When playing with Cozmo, Anki’s palm-sized artificial intelligence robot, it’s easy to forgot all of the engineering and software running behind the scenes. Every action, from Cozmo’s audible chirps of victory when it wins a game to its childlike mannerisms when it recognizes your face, conceals tens of thousands of lines of code. When the product launches this October, Anki hopes consumers won’t think of its AI robot as undecipherable technology. Instead, the company wants people to won...
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ASC15 Rewrote the World Record (Jul 22, 2016)
A new world record was set by the Huazhong University team at the Student Cluster Competition at ISC 2016. Using Nvidia Tesla K80 GPUs, the team recorded 12.56 teraflops on the LINPACK benchmark, while staying within a 3-Kw power consumption limit. This is the third straight time the Tesla K80 has been used to break this record since the GPU was launched a year and a half ago. A team from Zhejiang University, of China, set the previous mark, at the Asia Supercomputer Community 2016 challenge in ...
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3-D Simulations and NASA Supercomputer Advance Research of the Origin of Stars (Jul 21, 2016)
What processes are involved in the formation of individual stars and stellar clusters in our own galaxy and other galaxies? Scientists at the University of California, Berkeley, and Lawrence Livermore National Laboratory are using NASA's most powerful supercomputer, Pleiades, to create unique star-formation simulations to answer this fundamental scientific question. Like something from a video game, the simulations zoom through the entire evolution of young star clusters. A giant cloud of inter...
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Genomic Sequencing at Children’s Mercy: Saving Time to Save Lives (Jul 21, 2016)
Genomic sequencing – that is, rapid sequencing – is instrumental to diagnosing and treating critically ill patients, and managing the high data volumes involved in genomics is essential to the process. Children’s Mercy Hospital in Kansas City, MO, operates what it says is the world’s first whole genome sequencing center in a pediatric setting, where physicians, clinical laboratory scientists, molecular geneticists, bioinformaticians and software engineers work to sequence and analyze rar...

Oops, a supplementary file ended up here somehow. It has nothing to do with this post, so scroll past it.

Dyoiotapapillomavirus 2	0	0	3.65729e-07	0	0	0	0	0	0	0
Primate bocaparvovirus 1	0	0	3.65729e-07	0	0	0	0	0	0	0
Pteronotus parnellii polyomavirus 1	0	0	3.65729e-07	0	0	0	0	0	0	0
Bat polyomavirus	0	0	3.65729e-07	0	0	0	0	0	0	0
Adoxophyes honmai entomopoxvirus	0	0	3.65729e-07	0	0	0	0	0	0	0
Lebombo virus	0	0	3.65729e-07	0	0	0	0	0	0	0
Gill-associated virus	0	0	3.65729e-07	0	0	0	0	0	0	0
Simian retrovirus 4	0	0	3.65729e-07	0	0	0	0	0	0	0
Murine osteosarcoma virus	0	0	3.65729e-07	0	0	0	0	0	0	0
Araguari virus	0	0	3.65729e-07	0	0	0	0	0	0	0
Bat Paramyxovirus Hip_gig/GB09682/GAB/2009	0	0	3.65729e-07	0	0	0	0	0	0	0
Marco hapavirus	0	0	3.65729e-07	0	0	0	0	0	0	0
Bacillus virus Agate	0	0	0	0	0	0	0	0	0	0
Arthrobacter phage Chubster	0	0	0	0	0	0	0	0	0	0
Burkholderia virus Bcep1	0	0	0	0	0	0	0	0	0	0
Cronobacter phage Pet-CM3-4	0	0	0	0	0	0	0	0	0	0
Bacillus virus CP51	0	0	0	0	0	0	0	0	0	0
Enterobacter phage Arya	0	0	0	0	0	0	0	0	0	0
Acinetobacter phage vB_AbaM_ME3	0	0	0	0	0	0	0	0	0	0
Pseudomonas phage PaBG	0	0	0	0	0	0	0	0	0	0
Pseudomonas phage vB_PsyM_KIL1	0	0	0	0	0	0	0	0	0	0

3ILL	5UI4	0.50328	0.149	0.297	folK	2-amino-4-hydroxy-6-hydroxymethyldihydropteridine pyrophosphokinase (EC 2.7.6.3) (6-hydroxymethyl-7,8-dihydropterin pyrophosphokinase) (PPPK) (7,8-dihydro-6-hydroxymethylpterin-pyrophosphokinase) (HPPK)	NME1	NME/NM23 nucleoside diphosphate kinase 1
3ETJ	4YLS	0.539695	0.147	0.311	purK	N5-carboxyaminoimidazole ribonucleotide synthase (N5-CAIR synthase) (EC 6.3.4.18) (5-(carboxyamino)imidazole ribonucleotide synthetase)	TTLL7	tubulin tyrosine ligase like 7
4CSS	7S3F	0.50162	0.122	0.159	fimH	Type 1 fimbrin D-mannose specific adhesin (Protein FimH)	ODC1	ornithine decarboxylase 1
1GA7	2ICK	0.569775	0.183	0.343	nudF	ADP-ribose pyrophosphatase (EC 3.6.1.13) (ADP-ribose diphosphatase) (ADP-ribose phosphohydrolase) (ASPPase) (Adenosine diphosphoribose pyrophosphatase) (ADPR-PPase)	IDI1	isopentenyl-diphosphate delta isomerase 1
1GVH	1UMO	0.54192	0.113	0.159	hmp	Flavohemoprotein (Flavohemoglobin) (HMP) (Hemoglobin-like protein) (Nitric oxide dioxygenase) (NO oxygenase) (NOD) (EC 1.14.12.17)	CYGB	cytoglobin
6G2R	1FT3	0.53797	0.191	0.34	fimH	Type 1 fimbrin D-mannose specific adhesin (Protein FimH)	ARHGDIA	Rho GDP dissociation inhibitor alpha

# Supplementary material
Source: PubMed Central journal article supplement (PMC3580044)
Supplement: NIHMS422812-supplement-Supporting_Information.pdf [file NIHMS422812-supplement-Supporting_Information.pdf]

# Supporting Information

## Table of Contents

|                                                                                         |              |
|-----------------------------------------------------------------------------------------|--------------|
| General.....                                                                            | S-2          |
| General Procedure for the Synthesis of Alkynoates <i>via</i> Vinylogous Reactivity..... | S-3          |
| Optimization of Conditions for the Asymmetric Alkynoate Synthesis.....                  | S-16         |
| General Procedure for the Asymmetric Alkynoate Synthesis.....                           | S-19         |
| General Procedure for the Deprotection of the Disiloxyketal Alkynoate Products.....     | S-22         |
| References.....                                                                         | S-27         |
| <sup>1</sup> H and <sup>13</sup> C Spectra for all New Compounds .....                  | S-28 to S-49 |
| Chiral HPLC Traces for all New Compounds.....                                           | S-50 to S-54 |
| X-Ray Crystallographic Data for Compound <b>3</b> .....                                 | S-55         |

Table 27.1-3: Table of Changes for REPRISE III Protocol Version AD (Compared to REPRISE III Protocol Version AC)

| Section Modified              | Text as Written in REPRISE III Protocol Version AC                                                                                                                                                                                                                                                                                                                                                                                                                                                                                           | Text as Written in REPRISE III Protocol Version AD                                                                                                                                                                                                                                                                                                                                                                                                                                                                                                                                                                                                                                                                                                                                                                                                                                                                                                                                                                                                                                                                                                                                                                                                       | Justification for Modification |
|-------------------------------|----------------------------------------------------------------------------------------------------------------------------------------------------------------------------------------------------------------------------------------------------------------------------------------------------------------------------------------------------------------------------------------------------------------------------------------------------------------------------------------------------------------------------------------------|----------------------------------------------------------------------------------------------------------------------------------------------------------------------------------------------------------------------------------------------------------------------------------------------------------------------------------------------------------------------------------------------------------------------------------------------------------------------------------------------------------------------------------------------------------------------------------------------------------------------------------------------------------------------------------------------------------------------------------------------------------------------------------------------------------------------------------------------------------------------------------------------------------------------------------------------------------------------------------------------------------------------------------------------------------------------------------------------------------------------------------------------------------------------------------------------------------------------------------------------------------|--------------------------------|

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Black Hole Jet Discovery (Jul 20, 2016)
Using supercomputing resources provided by the National Science Foundation’s eXtreme Science and Engineering Discovery Environment (XSEDE) and the Savio computer at UC Berkeley, Alexander “Sasha” Tchekhovskoy and co-researcher Omer Bromberg — formerly a Lyman Spitzer Jr. postdoctoral fellow at Princeton University, and currently at the Hebrew University of Jerusalem in Israel — resolved the 40-year puzzle of the astrophysical jet dichotomy. Altogether the simulation effort took about 5...
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Huge Home-built Computer Used for Tetris (Jul 20, 2016)
A man has finished building an enormous computer in the sitting room of his bungalow in Cambridge. James Newman started work on the "Mega processor", which is 33ft wide and 6ft high, in 2012. It does the job of a chip-sized microprocessor and Mr. Newman has spent $53,000 creating it. It contains 40,000 transistors, 10,000 LED lights and it weighs around half a tonne (500kg). So far, he has used it to play the classic video game Tetris. In a video demonstration he admits the game isn't easy to pl...
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NCAR Awards 42 Million Core Hours on Yellowstone Supercomputer (Jul 19, 2016)
Nine science projects were recently chosen to receive computational time and storage space on the Yellowstone supercomputer in Cheyenne. The most recent recommended allocations total 42.6 million core hours, 270 terabytes of archival storage, and 47,000 hours on data analysis and visualization systems, Shader says. To provide some perspective on what these numbers mean, here are some useful comparisons. In simplest terms, Yellowstone can be thought of as 72,576 personal computers that are clever...